Young migrant boys use the Internet at the Civico Zero community center by the Save The Children organization on Aug. 20, 2014 in Rome. (Ricky Carioti/The Washington Post)

Kim Yi Dionne: This guest post is the third in our series on immigrant integration in Europe. Find earlier posts here.


What is the best way to integrate immigrants?  One common answer is that countries should only admit the right kind of immigrants, those who will be most likely to adapt to the host society’s norms. Scientific research in this paradigm finds that immigrants with higher socio-economic status and/or more cultural similarities with the host country will be more likely to integrate successfully.  For example, immigrants with higher levels of educational attainment and higher occupational status are more likely to get good jobs and culturally assimilate over time.  Immigrants who arrive speaking the host country language and sharing religious and cultural practices with the host society will also be more likely to integrate over time.

Research on which immigrants are more likely to integrate successfully has generated important insights.  Yet, I argue that it may lead to a misguided attempt to label some immigrants as ‘good’ and others as ‘bad’ for integration.  My recent research explores the ways in which contextual and situational factors shape integration.  In other words, immigrant integration is not always about the individual.  This basic insight is not new. There is a long academic tradition of studying the national-level policies that are most likely to promote successful integration.  However, my recent work suggests that integration is often better understood by analyzing the local community in which an individual lives or the various situations an individual may experience during daily life.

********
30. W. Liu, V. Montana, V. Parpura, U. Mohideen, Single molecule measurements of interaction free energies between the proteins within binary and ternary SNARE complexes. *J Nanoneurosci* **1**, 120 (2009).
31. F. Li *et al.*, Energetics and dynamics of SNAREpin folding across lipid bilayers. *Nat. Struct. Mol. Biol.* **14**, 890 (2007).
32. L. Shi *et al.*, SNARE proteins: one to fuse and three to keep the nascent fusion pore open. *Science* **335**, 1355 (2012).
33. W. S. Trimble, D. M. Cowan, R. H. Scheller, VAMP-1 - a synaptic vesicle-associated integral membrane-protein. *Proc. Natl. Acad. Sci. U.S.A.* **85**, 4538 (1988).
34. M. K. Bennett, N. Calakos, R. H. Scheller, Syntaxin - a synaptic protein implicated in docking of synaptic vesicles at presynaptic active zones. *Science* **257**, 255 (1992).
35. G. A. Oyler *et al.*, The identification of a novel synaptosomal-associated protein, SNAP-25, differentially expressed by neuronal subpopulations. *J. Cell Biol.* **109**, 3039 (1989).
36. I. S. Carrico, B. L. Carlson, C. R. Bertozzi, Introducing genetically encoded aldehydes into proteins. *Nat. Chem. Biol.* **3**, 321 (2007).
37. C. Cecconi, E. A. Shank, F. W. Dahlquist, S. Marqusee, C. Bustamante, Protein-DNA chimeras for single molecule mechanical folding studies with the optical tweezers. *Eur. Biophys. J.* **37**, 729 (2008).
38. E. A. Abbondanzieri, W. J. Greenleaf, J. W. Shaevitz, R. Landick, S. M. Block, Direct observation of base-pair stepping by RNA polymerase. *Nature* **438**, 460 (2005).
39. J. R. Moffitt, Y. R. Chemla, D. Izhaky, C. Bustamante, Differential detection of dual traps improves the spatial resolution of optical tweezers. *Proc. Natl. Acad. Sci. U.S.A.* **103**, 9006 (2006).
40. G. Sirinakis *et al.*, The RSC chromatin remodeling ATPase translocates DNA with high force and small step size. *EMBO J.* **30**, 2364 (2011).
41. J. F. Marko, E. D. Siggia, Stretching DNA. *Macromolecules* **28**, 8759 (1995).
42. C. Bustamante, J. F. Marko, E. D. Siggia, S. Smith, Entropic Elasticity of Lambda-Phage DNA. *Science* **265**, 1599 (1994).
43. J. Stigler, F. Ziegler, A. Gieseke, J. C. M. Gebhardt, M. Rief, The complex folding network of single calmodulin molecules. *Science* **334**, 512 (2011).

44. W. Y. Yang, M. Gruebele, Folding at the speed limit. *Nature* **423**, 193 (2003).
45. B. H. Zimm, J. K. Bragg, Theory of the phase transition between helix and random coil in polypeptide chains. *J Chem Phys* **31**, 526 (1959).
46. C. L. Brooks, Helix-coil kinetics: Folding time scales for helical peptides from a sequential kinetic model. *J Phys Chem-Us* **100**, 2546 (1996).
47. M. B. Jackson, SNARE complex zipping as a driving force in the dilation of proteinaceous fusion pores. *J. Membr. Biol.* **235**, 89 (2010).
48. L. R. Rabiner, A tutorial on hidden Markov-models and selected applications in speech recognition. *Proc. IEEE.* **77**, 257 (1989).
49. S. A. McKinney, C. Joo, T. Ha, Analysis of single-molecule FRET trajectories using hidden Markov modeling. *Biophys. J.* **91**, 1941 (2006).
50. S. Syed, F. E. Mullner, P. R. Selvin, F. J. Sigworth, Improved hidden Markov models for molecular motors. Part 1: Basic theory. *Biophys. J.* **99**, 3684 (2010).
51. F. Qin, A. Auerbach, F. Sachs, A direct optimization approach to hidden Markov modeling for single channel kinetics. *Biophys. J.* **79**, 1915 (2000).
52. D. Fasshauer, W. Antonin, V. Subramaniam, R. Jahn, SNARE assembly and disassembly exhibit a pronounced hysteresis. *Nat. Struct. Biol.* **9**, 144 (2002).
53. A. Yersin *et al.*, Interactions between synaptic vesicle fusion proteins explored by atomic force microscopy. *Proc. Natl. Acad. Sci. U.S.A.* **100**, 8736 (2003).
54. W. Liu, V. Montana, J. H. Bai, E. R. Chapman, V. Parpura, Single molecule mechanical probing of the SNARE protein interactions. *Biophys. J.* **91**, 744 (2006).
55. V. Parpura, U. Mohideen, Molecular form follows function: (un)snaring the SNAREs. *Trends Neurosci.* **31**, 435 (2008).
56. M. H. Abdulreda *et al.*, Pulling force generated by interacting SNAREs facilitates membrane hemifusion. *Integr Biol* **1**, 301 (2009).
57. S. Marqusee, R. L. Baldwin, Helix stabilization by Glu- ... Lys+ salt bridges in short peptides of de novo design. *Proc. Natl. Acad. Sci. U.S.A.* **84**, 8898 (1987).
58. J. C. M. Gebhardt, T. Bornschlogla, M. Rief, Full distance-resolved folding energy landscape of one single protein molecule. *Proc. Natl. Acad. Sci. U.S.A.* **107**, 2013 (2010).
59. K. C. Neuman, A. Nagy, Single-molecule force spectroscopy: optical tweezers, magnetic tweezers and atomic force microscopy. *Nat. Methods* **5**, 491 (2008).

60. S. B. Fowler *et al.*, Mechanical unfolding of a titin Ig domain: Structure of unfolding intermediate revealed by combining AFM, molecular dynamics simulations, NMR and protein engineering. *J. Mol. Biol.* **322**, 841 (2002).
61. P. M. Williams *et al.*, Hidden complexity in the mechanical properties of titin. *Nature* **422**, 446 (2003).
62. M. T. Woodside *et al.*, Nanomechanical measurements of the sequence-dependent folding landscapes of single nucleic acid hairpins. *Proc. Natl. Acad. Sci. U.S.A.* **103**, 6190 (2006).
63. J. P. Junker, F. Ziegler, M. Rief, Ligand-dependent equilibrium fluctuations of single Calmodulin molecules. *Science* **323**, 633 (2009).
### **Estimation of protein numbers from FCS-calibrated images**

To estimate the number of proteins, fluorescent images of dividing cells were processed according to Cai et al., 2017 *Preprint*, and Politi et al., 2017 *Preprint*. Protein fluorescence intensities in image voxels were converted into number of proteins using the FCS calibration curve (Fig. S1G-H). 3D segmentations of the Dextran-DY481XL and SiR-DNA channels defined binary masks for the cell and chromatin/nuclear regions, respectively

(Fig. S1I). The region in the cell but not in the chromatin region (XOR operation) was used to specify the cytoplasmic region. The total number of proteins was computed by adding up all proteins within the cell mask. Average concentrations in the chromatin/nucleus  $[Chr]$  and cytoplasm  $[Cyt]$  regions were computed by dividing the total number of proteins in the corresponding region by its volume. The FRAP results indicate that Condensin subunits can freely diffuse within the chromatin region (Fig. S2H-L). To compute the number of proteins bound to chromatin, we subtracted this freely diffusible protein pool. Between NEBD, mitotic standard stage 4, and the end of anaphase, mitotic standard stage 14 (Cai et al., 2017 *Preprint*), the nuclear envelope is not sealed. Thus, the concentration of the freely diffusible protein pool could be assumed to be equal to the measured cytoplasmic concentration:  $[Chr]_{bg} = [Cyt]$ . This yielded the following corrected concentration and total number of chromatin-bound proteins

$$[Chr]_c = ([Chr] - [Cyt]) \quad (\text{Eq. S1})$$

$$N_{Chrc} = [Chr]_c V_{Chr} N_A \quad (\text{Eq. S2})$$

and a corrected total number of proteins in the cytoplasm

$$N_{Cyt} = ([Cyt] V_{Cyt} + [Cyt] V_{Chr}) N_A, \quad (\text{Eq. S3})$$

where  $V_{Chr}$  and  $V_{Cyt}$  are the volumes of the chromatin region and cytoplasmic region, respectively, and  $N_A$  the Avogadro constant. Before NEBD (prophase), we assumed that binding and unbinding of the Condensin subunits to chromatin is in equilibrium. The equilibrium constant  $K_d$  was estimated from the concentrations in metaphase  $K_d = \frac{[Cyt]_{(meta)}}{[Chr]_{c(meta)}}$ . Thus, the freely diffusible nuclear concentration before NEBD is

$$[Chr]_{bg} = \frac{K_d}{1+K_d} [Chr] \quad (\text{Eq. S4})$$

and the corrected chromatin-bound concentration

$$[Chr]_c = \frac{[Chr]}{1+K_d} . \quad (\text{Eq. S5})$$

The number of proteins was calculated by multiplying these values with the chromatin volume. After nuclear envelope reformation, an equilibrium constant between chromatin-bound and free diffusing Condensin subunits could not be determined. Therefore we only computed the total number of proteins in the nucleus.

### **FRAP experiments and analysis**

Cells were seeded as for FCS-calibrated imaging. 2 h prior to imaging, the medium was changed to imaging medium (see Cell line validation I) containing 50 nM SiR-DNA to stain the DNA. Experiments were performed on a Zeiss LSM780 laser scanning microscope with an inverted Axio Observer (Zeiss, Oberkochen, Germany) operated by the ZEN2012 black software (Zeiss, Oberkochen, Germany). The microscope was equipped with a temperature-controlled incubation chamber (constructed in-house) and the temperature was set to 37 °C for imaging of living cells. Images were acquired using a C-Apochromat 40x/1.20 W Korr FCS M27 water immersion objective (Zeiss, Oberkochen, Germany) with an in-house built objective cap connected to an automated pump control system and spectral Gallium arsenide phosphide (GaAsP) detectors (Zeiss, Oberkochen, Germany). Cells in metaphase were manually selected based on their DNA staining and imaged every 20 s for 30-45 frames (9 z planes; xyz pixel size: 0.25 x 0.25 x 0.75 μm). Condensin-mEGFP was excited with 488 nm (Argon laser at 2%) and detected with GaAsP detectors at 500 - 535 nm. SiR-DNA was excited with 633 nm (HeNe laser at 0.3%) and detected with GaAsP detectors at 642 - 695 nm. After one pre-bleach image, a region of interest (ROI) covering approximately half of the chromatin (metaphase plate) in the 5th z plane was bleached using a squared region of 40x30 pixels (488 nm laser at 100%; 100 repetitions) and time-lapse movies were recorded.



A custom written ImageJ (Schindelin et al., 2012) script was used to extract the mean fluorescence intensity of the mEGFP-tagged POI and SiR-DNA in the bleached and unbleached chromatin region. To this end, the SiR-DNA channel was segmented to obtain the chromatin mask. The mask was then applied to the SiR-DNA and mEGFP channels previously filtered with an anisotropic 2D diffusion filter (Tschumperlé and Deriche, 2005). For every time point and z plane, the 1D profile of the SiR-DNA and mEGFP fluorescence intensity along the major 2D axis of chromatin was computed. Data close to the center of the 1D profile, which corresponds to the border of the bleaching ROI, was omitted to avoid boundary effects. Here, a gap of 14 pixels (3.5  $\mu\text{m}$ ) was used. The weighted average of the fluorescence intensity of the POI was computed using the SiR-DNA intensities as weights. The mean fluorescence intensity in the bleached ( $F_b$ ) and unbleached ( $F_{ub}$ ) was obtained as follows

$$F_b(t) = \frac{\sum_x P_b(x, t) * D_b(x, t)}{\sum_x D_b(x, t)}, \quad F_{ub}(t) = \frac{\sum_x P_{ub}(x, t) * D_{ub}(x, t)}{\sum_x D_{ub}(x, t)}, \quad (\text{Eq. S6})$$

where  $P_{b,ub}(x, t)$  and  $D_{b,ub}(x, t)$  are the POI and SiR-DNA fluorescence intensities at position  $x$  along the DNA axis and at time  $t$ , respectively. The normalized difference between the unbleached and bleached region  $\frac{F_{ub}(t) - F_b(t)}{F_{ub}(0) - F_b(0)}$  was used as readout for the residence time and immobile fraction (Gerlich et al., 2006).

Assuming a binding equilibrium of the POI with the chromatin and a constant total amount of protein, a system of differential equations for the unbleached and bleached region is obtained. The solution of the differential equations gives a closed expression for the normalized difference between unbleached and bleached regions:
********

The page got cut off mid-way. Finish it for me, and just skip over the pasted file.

One example of how studying context provides a different perspective on immigrant integration is the study of political attitudes. My recently published research suggests that for certain key political attitudes (most notably trust in government and satisfaction with the government) immigrants take their cues from native neighbors, irrespective of their socio-economic status or cultural assimilation. I find that the strongest predictor of how immigrants in 22 European countries feel about their government is not how well they are doing economically or how close they are to the host society culture, but instead how natives living in the same sub-national region feel about the government.  This suggests that immigrants may become well-integrated into the local civic and attitudinal norms just through living in the community.

A key implication of my finding is that since immigrants’ political attitudes are not necessarily related to their economic attainment or cultural assimilation, we need to think more carefully about the multiple dimensions of integration. This builds on findings from my 2012 book which argued that economic, political and social aspects of immigrant integration are often at odds for any given immigrant individual or immigrant group.  In short, searching for the ‘right’ kind of immigrant to integrate ignores the complexities of immigrant integration.